The journey home in earnest: Pall bearers begin the rites in Bodo
The gut wrenching sound of women weeping in Bodo city, as the long convoy of vehicles that accompanied the hearse carrying Patrick’s remains entered the community, stamped themselves in the subconcious of the friends, colleagues and loved ones of Patrick Naagbanton. As the convoy made the turn into the road leading to the Bodo Community Girls School, tears of pain burst loose, visitor and community persons mingling in a flood of shared loss and sorrow. Men and women who had held back teary pain for weeks since September 21,2019 when news of his shocking death broke, turned red eyed like boxers reeling from sustained bashing from a vengeful opponent. Patrick died following his being hit by a reckless cab driver close to his Eliozu home, on September 13, 2019 on his way to a business centre.
The pain of his passing was palpable. Holding back was an act in futility for many. So, they let it flow. Curses borne in anguished Ogoni rent the air of the usually calm community, as the reality finally hit home. Bodo’s Iroko, pride of the oil rich community had really fallen in its prime. Patrick, the over 6 foot 3inches towering, genteel son of the community whose steely mind, easy charm, boundless generousity, ready smile, with uncommon courage and guts who put his people’s interest above his comfort and safety, was truly gone.
Pall bearers lift casket for lying in state
Before the convoy left Port Harcourt bearing the long, large coffin and headed for Bodo, the thoughtful line of activists and development workers occupied cars had braved the treacherous East West route from the Akpajo junction. Then, a breath taking foray into the insane stretch of deep crater filled length of East/West Road Onne, threatened every minute by tankers and trailers which looked ready to fall any second and offload death on other cars. Fortunately, neither serious accident, nor injury, nor fatality was recorded on the journey to Bodo.
Even the elements seemed to be in agreement to behave like doting, conspiring grandparents looking over their loved ones. The winds on Saturday were light and soothing. A cheery sun and light clouds soon chased off the dull, heavy morning clouds, light showers, mist that held some threat of rain.
The journey from Ashes To Ashes the funeral home located in Old GRA, Port Harcourt, was largely incident free apart from a nasty collision between a bus and car driven by a reckless, speeding driver in the long convoy of vehicles in solemn escort to the hearse bearing Patrick Naagbanton physical remains to Bodo, Gokana Local Government area to rest.
L – R: Chris Newson, Prof. Scott Pegg, Dr. Judith Asuni among other Civil Society/Development workers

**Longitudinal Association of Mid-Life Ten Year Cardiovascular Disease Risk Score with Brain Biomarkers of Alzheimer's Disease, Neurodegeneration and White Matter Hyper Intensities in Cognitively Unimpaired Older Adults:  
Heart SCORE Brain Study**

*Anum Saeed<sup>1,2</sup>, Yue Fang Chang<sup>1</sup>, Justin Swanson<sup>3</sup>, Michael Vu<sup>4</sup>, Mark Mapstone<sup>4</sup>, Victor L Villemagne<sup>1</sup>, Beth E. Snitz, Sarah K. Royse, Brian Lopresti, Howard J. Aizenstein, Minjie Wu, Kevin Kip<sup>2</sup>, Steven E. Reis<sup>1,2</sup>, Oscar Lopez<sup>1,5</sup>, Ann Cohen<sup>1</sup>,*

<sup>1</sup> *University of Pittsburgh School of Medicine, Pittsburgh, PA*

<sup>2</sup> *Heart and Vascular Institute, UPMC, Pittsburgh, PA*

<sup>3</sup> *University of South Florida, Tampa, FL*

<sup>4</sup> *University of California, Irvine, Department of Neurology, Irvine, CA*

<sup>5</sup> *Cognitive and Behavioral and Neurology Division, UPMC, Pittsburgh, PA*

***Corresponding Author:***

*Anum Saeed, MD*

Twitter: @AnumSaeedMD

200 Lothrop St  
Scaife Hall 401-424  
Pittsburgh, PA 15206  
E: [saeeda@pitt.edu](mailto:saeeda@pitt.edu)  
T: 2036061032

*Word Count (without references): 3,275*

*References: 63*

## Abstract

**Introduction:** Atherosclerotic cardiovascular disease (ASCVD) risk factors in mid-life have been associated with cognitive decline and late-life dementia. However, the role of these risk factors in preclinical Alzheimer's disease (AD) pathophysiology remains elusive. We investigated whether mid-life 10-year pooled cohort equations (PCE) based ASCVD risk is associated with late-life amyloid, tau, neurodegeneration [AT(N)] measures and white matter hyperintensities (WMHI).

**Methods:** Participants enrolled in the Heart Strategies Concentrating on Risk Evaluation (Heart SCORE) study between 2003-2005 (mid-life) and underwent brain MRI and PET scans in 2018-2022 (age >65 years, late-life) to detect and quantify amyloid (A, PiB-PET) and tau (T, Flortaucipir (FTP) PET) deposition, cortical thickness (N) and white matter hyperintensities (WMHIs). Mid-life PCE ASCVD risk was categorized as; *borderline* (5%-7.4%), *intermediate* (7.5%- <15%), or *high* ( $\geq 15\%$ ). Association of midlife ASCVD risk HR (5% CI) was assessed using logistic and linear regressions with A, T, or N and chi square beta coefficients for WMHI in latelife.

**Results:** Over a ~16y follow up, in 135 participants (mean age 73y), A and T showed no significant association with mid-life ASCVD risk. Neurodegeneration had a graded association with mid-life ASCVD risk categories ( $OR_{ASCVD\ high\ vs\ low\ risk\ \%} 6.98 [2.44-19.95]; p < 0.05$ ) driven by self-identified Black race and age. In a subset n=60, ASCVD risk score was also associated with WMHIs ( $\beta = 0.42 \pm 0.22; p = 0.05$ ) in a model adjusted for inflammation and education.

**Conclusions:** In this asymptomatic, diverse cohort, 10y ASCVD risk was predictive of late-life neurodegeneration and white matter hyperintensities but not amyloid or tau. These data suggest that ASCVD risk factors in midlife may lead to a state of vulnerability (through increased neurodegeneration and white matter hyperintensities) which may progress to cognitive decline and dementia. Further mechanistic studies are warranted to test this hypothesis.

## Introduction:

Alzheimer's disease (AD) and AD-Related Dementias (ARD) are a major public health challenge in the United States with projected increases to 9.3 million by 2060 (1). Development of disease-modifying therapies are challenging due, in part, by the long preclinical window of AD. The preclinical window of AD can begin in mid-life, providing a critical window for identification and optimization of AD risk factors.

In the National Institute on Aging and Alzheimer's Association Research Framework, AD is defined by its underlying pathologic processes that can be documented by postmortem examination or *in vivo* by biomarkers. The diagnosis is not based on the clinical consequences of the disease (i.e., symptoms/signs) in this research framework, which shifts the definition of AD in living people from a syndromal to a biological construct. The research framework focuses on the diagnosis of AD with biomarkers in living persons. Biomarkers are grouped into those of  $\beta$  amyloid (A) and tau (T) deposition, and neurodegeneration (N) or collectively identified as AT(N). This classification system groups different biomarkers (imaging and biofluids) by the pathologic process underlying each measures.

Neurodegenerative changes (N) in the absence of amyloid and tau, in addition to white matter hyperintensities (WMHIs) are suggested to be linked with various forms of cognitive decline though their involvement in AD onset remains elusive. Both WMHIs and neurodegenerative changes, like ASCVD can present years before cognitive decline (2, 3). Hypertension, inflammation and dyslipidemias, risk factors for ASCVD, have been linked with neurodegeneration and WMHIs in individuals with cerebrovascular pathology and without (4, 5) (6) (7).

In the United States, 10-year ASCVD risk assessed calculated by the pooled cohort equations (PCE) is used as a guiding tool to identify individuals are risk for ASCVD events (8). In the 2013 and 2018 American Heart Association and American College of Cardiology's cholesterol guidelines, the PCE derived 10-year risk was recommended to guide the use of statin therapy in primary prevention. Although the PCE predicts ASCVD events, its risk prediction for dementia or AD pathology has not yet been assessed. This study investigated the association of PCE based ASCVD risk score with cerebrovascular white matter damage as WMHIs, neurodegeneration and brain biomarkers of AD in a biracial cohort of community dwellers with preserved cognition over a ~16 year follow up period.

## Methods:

From the expansive grounds of the Bodo Community Girls Secondary School, where the vehicles from Port Harcourt parked, the procession moved to the family home of Patrick’s father, Naagbanton Naaleeba, who died in 1972 when Patrick was just two years old. Sounds of wailing women, men was simply unbearable to hear. From this point, the body was taken to his home where the sight of his Mother Lekie, seeing her beloved only child added more voices of anguished, wailing, sobbing people.
Patrick’s passing is painful. Indeed as captured by most people who encountered him at home, at work and at play, Patrick was an uncommon personality. The funeral event at St. Patrick Church premises was unusual, a perfect fit for a man whose ways including thoughtfulness and self sacrifice for others, values and strengths were very uncommon . The full ground of mourners witnessed elements of poetry and tributes, organised by the Humanist Association of Nigeria led by its Chairman, Dr. Leo Igwe. Patrick who started life in the Catholic church, eventually found a path to explore and understand life through reason, logic and science, the pillars of the Humanist way. Then, a Christian funeral service on which the family insisted.
Eulogies flowed free naturally. Patrick and Owen Wiwa’s friend Prof. Scott Pegg consoled the gathering reminding all of the beautiful life courage and generosity of Pat and the need to celebrate his life. Joseph Kpobari Naaku captured the essence of the man Patrick thus, ‘A man full of life, tall and big, a spontaneous personality, a giant brother, a humanist, investigative journalist, small arms and light arms weapons researcher, writer of books, biographer, essayist, poet, human rights activist and Marxist’.
Patrick is survived by his Mother, wife Avary, son Ernesto, daughters Kakavura, Asidy and Nuka and a whole universe of friends, colleagues, admirers still hurt by his unexpected passing and who cared enough to travel down to Bodo from the US, UK, Europe and different parts of Nigeria.
A reminder of the huge work left behind by Patrick’s loss, rudely thrust itself into the funeral proceedings, by the huge plume of black soot, the by product of Kpofire the artisanal refining of petroleum products from Bodo waterside close to St Patrick’s Church, smearing the clouds for several minutes and clearly visible. It was an unmistaken reminder to the gathered, many of them activists who work on environmental protection, human rights and social development that Patrick’s work must continue.
Yet, most who encountered the extremely generous, uncommonly gutsy intellectual warrior, know that Patrick left shoes too big to fit.